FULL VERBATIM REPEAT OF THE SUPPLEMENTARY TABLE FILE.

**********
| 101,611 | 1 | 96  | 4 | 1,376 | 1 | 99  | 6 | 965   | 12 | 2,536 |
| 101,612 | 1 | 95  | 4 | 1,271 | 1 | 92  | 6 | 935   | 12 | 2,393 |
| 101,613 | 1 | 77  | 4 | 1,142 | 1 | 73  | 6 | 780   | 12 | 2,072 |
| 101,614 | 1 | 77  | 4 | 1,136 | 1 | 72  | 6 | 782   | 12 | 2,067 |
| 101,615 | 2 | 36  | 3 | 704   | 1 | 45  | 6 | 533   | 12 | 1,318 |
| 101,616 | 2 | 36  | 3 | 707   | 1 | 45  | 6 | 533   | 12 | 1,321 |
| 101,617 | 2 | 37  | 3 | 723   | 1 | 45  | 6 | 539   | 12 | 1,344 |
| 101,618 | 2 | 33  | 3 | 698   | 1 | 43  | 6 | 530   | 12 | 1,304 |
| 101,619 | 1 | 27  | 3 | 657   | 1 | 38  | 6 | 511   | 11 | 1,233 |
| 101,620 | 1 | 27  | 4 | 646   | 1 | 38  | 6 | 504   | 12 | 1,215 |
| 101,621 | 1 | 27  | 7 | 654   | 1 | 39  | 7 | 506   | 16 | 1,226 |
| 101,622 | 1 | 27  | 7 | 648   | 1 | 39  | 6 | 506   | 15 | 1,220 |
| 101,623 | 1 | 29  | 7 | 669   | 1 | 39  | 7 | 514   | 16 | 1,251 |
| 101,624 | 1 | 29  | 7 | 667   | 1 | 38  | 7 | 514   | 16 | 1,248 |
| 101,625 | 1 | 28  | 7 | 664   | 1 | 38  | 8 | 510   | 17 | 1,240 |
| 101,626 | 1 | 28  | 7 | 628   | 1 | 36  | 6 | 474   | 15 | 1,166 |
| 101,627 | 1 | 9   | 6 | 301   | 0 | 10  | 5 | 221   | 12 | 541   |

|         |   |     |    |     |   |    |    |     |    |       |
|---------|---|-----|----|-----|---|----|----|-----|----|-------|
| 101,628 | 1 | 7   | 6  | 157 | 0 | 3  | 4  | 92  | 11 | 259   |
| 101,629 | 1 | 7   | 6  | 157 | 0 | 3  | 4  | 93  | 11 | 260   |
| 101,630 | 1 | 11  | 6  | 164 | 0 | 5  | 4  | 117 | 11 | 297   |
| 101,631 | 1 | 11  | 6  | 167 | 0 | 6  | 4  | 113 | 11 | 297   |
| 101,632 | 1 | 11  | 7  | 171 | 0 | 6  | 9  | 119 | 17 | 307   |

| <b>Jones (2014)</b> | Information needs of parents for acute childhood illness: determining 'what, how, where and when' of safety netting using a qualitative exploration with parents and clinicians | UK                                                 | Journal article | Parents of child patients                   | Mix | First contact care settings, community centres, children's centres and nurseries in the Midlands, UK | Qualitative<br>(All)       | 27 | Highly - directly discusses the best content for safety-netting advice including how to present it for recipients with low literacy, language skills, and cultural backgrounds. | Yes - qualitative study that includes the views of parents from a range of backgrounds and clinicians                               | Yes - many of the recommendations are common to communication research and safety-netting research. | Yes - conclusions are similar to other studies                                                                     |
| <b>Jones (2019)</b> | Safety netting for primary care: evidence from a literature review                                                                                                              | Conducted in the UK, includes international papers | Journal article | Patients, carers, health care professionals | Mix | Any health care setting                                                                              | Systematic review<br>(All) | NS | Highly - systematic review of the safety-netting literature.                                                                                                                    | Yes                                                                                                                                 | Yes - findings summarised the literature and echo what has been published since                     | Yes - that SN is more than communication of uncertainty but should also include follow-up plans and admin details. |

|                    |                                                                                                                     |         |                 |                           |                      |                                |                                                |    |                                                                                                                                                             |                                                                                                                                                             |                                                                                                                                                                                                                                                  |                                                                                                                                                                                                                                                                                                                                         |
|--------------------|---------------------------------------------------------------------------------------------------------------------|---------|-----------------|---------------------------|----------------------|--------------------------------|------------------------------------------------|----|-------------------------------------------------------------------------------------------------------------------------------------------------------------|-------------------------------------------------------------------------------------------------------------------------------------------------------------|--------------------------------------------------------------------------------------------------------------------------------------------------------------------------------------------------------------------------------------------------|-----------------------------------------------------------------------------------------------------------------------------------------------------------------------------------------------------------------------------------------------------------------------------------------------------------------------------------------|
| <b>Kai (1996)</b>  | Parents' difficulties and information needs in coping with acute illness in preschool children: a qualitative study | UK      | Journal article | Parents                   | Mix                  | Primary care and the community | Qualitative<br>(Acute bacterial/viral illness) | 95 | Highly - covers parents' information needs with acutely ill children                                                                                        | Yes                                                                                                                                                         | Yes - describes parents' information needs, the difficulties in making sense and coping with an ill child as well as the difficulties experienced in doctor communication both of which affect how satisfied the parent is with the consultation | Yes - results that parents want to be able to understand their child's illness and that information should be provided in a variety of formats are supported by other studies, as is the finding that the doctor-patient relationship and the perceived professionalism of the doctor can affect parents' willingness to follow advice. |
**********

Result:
| 101,611 | 1 | 96  | 4 | 1,376 | 1 | 99  | 6 | 965   | 12 | 2,536 |
| 101,612 | 1 | 95  | 4 | 1,271 | 1 | 92  | 6 | 935   | 12 | 2,393 |
| 101,613 | 1 | 77  | 4 | 1,142 | 1 | 73  | 6 | 780   | 12 | 2,072 |
| 101,614 | 1 | 77  | 4 | 1,136 | 1 | 72  | 6 | 782   | 12 | 2,067 |
| 101,615 | 2 | 36  | 3 | 704   | 1 | 45  | 6 | 533   | 12 | 1,318 |
| 101,616 | 2 | 36  | 3 | 707   | 1 | 45  | 6 | 533   | 12 | 1,321 |
| 101,617 | 2 | 37  | 3 | 723   | 1 | 45  | 6 | 539   | 12 | 1,344 |
| 101,618 | 2 | 33  | 3 | 698   | 1 | 43  | 6 | 530   | 12 | 1,304 |
| 101,619 | 1 | 27  | 3 | 657   | 1 | 38  | 6 | 511   | 11 | 1,233 |
| 101,620 | 1 | 27  | 4 | 646   | 1 | 38  | 6 | 504   | 12 | 1,215 |
| 101,621 | 1 | 27  | 7 | 654   | 1 | 39  | 7 | 506   | 16 | 1,226 |
| 101,622 | 1 | 27  | 7 | 648   | 1 | 39  | 6 | 506   | 15 | 1,220 |
| 101,623 | 1 | 29  | 7 | 669   | 1 | 39  | 7 | 514   | 16 | 1,251 |
| 101,624 | 1 | 29  | 7 | 667   | 1 | 38  | 7 | 514   | 16 | 1,248 |
| 101,625 | 1 | 28  | 7 | 664   | 1 | 38  | 8 | 510   | 17 | 1,240 |
| 101,626 | 1 | 28  | 7 | 628   | 1 | 36  | 6 | 474   | 15 | 1,166 |
| 101,627 | 1 | 9   | 6 | 301   | 0 | 10  | 5 | 221   | 12 | 541   |

|         |   |     |    |     |   |    |    |     |    |       |
|---------|---|-----|----|-----|---|----|----|-----|----|-------|
| 101,628 | 1 | 7   | 6  | 157 | 0 | 3  | 4  | 92  | 11 | 259   |
| 101,629 | 1 | 7   | 6  | 157 | 0 | 3  | 4  | 93  | 11 | 260   |
| 101,630 | 1 | 11  | 6  | 164 | 0 | 5  | 4  | 117 | 11 | 297   |
| 101,631 | 1 | 11  | 6  | 167 | 0 | 6  | 4  | 113 | 11 | 297   |
| 101,632 | 1 | 11  | 7  | 171 | 0 | 6  | 9  | 119 | 17 | 307   |

| <b>Jones (2014)</b> | Information needs of parents for acute childhood illness: determining 'what, how, where and when' of safety netting using a qualitative exploration with parents and clinicians | UK                                                 | Journal article | Parents of child patients                   | Mix | First contact care settings, community centres, children's centres and nurseries in the Midlands, UK | Qualitative<br>(All)       | 27 | Highly - directly discusses the best content for safety-netting advice including how to present it for recipients with low literacy, language skills, and cultural backgrounds. | Yes - qualitative study that includes the views of parents from a range of backgrounds and clinicians                               | Yes - many of the recommendations are common to communication research and safety-netting research. | Yes - conclusions are similar to other studies                                                                     |
| <b>Jones (2019)</b> | Safety netting for primary care: evidence from a literature review                                                                                                              | Conducted in the UK, includes international papers | Journal article | Patients, carers, health care professionals | Mix | Any health care setting                                                                              | Systematic review<br>(All) | NS | Highly - systematic review of the safety-netting literature.                                                                                                                    | Yes                                                                                                                                 | Yes - findings summarised the literature and echo what has been published since                     | Yes - that SN is more than communication of uncertainty but should also include follow-up plans and admin details. |

|                    |                                                                                                                     |         |                 |                           |                      |                                |                                                |    |                                                                                                                                                             |                                                                                                                                                             |                                                                                                                                                                                                                                                  |                                                                                                                                                                                                                                                                                                                                         |
|--------------------|---------------------------------------------------------------------------------------------------------------------|---------|-----------------|---------------------------|----------------------|--------------------------------|------------------------------------------------|----|-------------------------------------------------------------------------------------------------------------------------------------------------------------|-------------------------------------------------------------------------------------------------------------------------------------------------------------|--------------------------------------------------------------------------------------------------------------------------------------------------------------------------------------------------------------------------------------------------|-----------------------------------------------------------------------------------------------------------------------------------------------------------------------------------------------------------------------------------------------------------------------------------------------------------------------------------------|
| <b>Kai (1996)</b>  | Parents' difficulties and information needs in coping with acute illness in preschool children: a qualitative study | UK      | Journal article | Parents                   | Mix                  | Primary care and the community | Qualitative<br>(Acute bacterial/viral illness) | 95 | Highly - covers parents' information needs with acutely ill children                                                                                        | Yes                                                                                                                                                         | Yes - describes parents' information needs, the difficulties in making sense and coping with an ill child as well as the difficulties experienced in doctor communication both of which affect how satisfied the parent is with the consultation | Yes - results that parents want to be able to understand their child's illness and that information should be provided in a variety of formats are supported by other studies, as is the finding that the doctor-patient relationship and the perceived professionalism of the doctor can affect parents' willingness to follow advice. |